— Why are more kids coming down with rickets? Possibly because they aren’t getting enough sunlight. And why is that? Of course a helicoptering society plays its role. But so does atrocious city planning, as you’ll feel in your (possibly softening) bones when you read this fantastic essay by Rachel Cooke in The Guardian:
Rickets is on the rise, but let’s not consider it a Victorian throwback, more of a symptom of our airless lifestyle by Rachel Cooke
Do you ever feel like you are living in a dystopian novel by JG Ballard? I know that I do. Take last Monday, when I found myself at Marseille airport, the interview I’d been doing having finished too late for me to fly home. I’d had the foresight to book a room in a hotel that I would be able to reach by means of a handy 24-hour shuttle bus but on the night I was suddenly reluctant to take advantage of this particular “courtesy”. For one thing, I’d spied the hotel from the coach I’d caught from the city, and thought it could not be more than a five-minute stroll from the terminal. For another, it was a balmy evening. Daringly, I decided to walk.
What followed might have been funny if it hadn’t been so frustrating: an obstacle course for the mind as much as for the body. At first, I took the various hurdles in my stride. A busy car park. A series of mini-roundabouts. The forecourt of a petrol station. When motorists hooted at me, I tried to look nonchalant, swinging my bag jauntily, as if this was a route I took every day. When the hotel sign was in clear sight, my spirits soared, a weird sense of achievement rising inside me. I’d done it!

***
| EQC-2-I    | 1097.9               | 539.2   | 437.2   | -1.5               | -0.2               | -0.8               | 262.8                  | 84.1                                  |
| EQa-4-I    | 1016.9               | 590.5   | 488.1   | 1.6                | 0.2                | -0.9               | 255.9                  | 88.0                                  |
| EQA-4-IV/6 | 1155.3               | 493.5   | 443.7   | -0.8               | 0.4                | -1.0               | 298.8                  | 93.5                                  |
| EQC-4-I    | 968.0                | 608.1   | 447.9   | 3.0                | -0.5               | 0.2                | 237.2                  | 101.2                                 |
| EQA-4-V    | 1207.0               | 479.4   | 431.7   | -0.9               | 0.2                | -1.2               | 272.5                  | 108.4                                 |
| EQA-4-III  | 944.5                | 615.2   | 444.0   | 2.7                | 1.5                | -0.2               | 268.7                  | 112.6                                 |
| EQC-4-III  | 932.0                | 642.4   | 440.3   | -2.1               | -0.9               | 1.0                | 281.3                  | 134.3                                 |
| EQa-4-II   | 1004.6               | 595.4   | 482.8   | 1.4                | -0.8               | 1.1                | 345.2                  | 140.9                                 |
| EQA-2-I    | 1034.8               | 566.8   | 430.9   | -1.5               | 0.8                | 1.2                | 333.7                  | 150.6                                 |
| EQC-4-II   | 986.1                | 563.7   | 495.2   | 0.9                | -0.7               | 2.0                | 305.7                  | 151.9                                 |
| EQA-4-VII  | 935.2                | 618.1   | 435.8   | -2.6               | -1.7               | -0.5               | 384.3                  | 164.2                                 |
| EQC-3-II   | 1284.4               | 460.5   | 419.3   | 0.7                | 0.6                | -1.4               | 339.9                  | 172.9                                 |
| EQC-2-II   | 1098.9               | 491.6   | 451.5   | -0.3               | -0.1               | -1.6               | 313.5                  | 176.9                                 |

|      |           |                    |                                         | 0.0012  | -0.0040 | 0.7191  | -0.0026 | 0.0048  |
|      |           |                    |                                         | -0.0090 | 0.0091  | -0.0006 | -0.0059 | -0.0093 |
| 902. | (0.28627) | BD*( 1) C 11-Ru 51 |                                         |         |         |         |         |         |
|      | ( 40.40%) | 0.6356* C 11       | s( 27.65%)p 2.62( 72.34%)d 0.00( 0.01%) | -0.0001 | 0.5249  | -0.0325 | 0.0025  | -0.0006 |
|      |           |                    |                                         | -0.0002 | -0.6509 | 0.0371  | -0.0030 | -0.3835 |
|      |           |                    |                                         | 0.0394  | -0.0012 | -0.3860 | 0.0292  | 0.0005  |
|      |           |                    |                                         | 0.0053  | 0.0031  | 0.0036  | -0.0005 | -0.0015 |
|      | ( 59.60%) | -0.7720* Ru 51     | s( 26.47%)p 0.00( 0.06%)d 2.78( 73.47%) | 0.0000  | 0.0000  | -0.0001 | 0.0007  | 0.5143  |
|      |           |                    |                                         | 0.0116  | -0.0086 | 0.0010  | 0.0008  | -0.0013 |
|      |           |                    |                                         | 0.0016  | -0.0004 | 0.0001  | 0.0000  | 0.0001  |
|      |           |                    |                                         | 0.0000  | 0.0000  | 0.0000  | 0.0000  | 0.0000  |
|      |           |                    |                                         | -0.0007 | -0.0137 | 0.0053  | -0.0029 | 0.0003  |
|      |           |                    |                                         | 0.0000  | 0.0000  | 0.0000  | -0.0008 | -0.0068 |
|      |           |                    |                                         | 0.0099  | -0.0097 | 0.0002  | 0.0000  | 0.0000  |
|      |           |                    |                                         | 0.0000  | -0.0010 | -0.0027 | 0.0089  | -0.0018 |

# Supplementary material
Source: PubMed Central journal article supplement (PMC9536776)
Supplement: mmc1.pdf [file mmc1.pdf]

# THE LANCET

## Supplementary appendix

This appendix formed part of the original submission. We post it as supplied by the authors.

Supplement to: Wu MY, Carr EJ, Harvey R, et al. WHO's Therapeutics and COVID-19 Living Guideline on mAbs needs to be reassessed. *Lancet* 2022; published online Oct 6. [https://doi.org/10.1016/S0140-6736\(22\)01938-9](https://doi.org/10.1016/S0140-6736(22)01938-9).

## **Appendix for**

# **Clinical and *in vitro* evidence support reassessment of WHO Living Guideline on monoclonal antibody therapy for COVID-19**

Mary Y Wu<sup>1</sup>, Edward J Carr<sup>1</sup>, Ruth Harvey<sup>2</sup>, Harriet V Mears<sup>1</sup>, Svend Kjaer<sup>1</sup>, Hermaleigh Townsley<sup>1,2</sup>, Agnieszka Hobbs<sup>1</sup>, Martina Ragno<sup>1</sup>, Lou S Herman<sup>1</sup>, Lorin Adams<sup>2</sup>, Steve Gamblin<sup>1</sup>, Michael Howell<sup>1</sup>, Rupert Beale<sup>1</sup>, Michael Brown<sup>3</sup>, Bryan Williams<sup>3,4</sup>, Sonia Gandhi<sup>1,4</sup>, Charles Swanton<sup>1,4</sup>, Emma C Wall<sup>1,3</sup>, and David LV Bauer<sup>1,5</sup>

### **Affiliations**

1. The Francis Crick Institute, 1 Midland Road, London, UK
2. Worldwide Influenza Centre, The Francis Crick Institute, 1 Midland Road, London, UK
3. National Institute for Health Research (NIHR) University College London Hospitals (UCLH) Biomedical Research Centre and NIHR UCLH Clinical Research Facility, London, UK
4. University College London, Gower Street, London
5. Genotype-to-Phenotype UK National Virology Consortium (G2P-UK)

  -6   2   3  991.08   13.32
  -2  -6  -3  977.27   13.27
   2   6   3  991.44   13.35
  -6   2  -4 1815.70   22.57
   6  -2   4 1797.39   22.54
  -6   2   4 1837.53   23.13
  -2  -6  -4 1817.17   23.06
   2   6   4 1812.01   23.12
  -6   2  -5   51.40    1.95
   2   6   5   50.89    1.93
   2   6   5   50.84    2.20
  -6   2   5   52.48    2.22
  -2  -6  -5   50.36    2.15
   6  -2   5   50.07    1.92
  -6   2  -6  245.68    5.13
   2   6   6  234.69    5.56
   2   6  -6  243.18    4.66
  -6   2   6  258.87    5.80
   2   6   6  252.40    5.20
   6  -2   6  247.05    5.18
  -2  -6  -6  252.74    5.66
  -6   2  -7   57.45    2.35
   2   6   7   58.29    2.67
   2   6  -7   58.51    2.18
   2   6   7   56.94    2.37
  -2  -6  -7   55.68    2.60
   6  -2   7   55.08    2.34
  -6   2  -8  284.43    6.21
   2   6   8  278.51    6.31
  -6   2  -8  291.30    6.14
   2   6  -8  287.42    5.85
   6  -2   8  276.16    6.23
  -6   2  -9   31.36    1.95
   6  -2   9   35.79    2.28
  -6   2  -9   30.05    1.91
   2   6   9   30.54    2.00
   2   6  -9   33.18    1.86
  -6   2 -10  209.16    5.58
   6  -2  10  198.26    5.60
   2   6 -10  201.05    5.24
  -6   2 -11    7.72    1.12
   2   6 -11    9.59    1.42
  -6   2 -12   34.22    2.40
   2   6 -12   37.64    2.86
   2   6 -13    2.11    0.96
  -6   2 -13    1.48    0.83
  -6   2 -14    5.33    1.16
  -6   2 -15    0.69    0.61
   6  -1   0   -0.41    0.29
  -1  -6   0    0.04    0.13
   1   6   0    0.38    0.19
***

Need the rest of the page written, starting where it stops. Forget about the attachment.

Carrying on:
But my journey was not over yet. Ahead, the road was bordered only by a narrow verge. Could I struggle on, tightrope walker-style, one foot daintily in front of the other? I could not. One false step, and I’d be killed by the next whizzing Peugeot. Pretty soon, I was back at the mini-roundabouts – dusty by now, and in low spirits. Pretty soon after that, I was on the courtesy bus, listening to Mantovani.
It’s thanks to episodes like these – such stifling crises seem to occur ever more often in my daily life – that I didn’t feel remotely surprised by the news that rickets is on the rise in British children.
Read the rest here! And tell us: Is it actually even POSSIBLE for a person (including a young one) to get to the store or the school by foot in your town? And if not, is there some way to get this changed? Just in case, here’s the Safe Routes to School site. They are on the side of citizens who want to make sure there’s a walkable route to school. – L